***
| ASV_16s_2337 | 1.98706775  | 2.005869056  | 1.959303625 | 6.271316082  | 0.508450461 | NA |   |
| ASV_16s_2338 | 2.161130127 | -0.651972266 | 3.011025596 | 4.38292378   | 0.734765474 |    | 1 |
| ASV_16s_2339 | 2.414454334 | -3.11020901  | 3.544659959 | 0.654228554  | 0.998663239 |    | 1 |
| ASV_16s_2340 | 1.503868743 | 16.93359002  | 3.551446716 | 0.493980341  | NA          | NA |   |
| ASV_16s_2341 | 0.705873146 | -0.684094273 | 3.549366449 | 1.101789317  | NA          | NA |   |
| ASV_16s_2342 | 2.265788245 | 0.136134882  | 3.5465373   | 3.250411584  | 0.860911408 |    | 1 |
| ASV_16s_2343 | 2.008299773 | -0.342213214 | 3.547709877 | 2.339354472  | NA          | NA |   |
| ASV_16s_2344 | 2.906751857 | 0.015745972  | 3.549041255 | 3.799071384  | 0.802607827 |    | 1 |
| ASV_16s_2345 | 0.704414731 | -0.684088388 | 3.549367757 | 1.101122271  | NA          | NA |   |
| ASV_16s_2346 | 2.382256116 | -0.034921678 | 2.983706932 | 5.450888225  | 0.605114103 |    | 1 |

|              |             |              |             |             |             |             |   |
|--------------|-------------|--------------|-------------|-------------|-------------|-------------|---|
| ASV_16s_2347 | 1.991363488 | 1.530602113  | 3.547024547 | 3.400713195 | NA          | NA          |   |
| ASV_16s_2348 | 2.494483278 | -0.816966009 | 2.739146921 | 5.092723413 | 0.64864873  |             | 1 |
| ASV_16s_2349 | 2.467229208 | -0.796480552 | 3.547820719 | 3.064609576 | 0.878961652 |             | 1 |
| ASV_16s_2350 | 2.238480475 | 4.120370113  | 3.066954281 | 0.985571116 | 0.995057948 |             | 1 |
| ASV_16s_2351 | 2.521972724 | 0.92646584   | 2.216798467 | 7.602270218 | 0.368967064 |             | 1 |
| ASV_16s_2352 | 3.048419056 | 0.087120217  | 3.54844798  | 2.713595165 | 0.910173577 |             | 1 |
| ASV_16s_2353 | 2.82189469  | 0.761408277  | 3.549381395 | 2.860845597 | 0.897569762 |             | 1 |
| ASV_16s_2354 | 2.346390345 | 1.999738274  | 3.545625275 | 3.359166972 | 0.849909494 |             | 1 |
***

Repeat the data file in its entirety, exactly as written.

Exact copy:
| ASV_16s_2337 | 1.98706775  | 2.005869056  | 1.959303625 | 6.271316082  | 0.508450461 | NA |   |
| ASV_16s_2338 | 2.161130127 | -0.651972266 | 3.011025596 | 4.38292378   | 0.734765474 |    | 1 |
| ASV_16s_2339 | 2.414454334 | -3.11020901  | 3.544659959 | 0.654228554  | 0.998663239 |    | 1 |
| ASV_16s_2340 | 1.503868743 | 16.93359002  | 3.551446716 | 0.493980341  | NA          | NA |   |
| ASV_16s_2341 | 0.705873146 | -0.684094273 | 3.549366449 | 1.101789317  | NA          | NA |   |
| ASV_16s_2342 | 2.265788245 | 0.136134882  | 3.5465373   | 3.250411584  | 0.860911408 |    | 1 |
| ASV_16s_2343 | 2.008299773 | -0.342213214 | 3.547709877 | 2.339354472  | NA          | NA |   |
| ASV_16s_2344 | 2.906751857 | 0.015745972  | 3.549041255 | 3.799071384  | 0.802607827 |    | 1 |
| ASV_16s_2345 | 0.704414731 | -0.684088388 | 3.549367757 | 1.101122271  | NA          | NA |   |
| ASV_16s_2346 | 2.382256116 | -0.034921678 | 2.983706932 | 5.450888225  | 0.605114103 |    | 1 |

|              |             |              |             |             |             |             |   |
|--------------|-------------|--------------|-------------|-------------|-------------|-------------|---|
| ASV_16s_2347 | 1.991363488 | 1.530602113  | 3.547024547 | 3.400713195 | NA          | NA          |   |
| ASV_16s_2348 | 2.494483278 | -0.816966009 | 2.739146921 | 5.092723413 | 0.64864873  |             | 1 |
| ASV_16s_2349 | 2.467229208 | -0.796480552 | 3.547820719 | 3.064609576 | 0.878961652 |             | 1 |
| ASV_16s_2350 | 2.238480475 | 4.120370113  | 3.066954281 | 0.985571116 | 0.995057948 |             | 1 |
| ASV_16s_2351 | 2.521972724 | 0.92646584   | 2.216798467 | 7.602270218 | 0.368967064 |             | 1 |
| ASV_16s_2352 | 3.048419056 | 0.087120217  | 3.54844798  | 2.713595165 | 0.910173577 |             | 1 |
| ASV_16s_2353 | 2.82189469  | 0.761408277  | 3.549381395 | 2.860845597 | 0.897569762 |             | 1 |
| ASV_16s_2354 | 2.346390345 | 1.999738274  | 3.545625275 | 3.359166972 | 0.849909494 |             | 1 |